Kathryn de la Rosa
What do you identify as? Why? Or why don’t you identify as anything?
Bisexual, genderqueer Pilipina. I use they/them or she/her. I write and work in theater and study astrology. I like what initially looks like a disagreement: a feminine -a ending on “Pilipina” looks very gendered. But what little I know about Tagalog is there is one gender-neutral pronoun, siya, so my mom misgenders things and people in English all the time. The letter “F,” the sound ph, the impulse to gender things -o or -a like Latino or Latina is entirely Spanish, entirely colonial.
I identify with femme and Pilipina in the work I try to do, strength and fight borne of empathy and healing. I claim a legacy in indigenous Pilipino healers, priestesses, often trans women you can imagine 16th-century Spanish explorers had thoughts about. The Philippines is one of the most Catholic countries on Earth but it was once a queerer, more colorful place. I gravitate toward “genderqueer” rather than “non-binary.” I think of binary gender as two poles to anchor myself to.
I define where I am on the spectrum on any given day relative to femininity (the Moon, Venus) or masculinity (the Sun, Mars). I have a gender that I queer, and I’ll never be totally beyond binary. I relate strongly to Mitski’s Be the Cowboy, to Tanya Tucker singing “When I die, I may not go to heaven / I don’t know if they let cowboys in.”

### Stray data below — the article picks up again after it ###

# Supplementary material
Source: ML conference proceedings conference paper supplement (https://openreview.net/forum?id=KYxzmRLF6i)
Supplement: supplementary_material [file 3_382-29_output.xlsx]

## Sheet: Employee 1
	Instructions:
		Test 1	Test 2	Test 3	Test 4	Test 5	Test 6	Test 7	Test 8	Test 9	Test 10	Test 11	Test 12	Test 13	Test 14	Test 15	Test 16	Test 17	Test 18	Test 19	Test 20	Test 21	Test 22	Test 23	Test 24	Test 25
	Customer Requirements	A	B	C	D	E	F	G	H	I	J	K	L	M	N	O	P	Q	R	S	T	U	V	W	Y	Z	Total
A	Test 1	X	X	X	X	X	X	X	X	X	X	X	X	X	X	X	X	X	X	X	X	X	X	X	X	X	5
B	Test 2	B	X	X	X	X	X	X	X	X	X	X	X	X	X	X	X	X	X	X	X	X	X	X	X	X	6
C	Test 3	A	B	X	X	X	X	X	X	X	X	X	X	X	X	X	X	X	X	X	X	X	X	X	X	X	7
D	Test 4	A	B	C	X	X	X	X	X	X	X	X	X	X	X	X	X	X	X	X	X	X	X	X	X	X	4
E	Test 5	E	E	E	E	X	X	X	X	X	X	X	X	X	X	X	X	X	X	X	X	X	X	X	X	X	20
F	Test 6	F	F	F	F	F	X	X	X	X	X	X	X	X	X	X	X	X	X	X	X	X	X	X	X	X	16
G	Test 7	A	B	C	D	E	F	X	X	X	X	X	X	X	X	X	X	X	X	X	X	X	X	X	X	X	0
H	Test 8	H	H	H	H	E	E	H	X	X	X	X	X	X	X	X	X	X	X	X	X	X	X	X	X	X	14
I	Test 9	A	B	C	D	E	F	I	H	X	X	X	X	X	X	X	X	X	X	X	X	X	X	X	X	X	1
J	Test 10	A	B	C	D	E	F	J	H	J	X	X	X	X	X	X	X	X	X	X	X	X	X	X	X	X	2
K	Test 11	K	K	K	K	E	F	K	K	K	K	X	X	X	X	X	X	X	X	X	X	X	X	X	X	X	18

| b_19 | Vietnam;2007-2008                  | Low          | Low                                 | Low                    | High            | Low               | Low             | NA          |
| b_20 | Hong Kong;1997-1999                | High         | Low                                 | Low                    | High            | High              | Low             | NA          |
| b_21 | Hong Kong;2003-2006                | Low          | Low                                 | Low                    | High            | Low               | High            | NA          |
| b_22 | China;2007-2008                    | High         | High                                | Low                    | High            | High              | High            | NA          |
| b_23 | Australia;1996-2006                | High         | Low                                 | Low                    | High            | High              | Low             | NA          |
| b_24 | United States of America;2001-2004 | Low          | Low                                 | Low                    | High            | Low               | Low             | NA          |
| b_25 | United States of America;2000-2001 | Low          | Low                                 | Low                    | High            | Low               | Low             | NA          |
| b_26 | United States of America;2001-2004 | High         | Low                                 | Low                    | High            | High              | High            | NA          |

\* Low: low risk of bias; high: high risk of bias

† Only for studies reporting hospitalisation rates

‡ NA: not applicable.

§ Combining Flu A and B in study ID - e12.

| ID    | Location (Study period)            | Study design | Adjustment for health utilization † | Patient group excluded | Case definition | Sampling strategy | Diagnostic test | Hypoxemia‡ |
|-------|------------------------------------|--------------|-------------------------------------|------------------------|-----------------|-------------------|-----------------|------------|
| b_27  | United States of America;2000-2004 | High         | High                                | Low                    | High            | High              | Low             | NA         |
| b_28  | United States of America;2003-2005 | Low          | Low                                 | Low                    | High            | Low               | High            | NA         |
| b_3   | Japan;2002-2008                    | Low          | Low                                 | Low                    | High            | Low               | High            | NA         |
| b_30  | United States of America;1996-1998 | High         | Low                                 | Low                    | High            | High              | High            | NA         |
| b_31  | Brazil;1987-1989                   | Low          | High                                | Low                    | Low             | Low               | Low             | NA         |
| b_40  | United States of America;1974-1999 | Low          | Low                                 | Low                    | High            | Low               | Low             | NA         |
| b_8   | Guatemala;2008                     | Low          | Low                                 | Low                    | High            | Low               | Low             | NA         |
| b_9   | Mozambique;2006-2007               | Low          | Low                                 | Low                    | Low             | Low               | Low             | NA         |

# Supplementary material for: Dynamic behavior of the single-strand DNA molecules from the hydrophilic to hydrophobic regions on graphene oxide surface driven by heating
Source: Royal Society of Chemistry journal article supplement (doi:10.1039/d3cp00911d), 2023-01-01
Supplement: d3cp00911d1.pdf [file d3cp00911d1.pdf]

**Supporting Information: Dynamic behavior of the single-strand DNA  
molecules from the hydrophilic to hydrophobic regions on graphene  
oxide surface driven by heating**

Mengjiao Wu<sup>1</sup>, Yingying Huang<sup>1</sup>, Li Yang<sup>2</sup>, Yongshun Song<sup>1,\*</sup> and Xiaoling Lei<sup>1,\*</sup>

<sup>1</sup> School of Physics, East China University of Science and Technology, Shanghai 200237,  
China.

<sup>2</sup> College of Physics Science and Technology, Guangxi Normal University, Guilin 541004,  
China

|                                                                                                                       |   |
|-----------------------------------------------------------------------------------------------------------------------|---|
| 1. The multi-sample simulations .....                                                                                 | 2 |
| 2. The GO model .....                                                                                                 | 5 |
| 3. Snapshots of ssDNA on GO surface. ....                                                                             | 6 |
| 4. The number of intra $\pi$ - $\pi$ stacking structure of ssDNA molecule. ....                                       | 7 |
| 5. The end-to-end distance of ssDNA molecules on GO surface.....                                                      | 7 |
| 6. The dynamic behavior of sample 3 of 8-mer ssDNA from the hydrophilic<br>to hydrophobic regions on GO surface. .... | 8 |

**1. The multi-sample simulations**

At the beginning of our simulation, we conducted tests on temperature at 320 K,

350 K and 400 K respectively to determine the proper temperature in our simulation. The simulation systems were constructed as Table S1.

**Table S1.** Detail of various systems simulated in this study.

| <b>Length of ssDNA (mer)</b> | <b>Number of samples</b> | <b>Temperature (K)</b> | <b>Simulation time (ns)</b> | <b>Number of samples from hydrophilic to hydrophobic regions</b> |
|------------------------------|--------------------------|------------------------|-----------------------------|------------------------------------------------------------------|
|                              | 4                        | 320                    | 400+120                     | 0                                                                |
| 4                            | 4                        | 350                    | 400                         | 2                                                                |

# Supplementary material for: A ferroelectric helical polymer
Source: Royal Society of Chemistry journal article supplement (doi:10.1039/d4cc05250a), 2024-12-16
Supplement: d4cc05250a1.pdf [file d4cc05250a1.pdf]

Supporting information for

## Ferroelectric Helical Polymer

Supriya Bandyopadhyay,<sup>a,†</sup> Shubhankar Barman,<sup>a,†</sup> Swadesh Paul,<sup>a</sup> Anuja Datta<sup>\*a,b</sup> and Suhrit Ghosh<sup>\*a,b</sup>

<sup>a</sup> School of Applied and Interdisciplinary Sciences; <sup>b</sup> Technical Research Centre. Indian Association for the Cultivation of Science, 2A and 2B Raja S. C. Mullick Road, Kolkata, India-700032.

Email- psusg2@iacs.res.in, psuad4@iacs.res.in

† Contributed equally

What does the word Queer mean to you?
It means too big, too multitudinous for heterosexuality or normative gender to contain.
Where are you from and explain what it was like growing up/living in Kentucky?
I mostly grew up in Paducah, Kentucky, which I’m happy and jealous to see at the center of the Western Kentucky Pride Festival — something I could have really used growing up. I was raised deeply Catholic and really only went to school or church, so I wouldn’t have been able to go, but I would’ve known I had a community and allies in McCracken County. I was born in Prestonsburg. I spent the first year of my life there.
My dad mentions it to me as if I’d remember, which I don’t. I’m sensitive to people co-opting West Virginia, eastern Kentucky ancestors for some kind of Appalachian or working class valor, so I don’t identify closely with my birth place. But I think living there for the start of their marriage, three of their earliest years in America in Floyd County, is something my parents carry with them, which lingers in my relationship to privilege and this region. Growing up I had trouble teasing out why I felt so wrong and alone and alien. Race was the obvious answer. I was one of the only people of color in my graduating class.
When I was 17 I learned a boy I’d known since elementary school thought I was Black the whole time. I didn’t want to come out as gay or bi for safety reasons, but I also remember thinking being brown AND gay is too much. I guess I’d only seen queer white people, or I thought I was too tedious to examine any further. I don’t like to think too hard about how anyone I grew up with would feel about me now.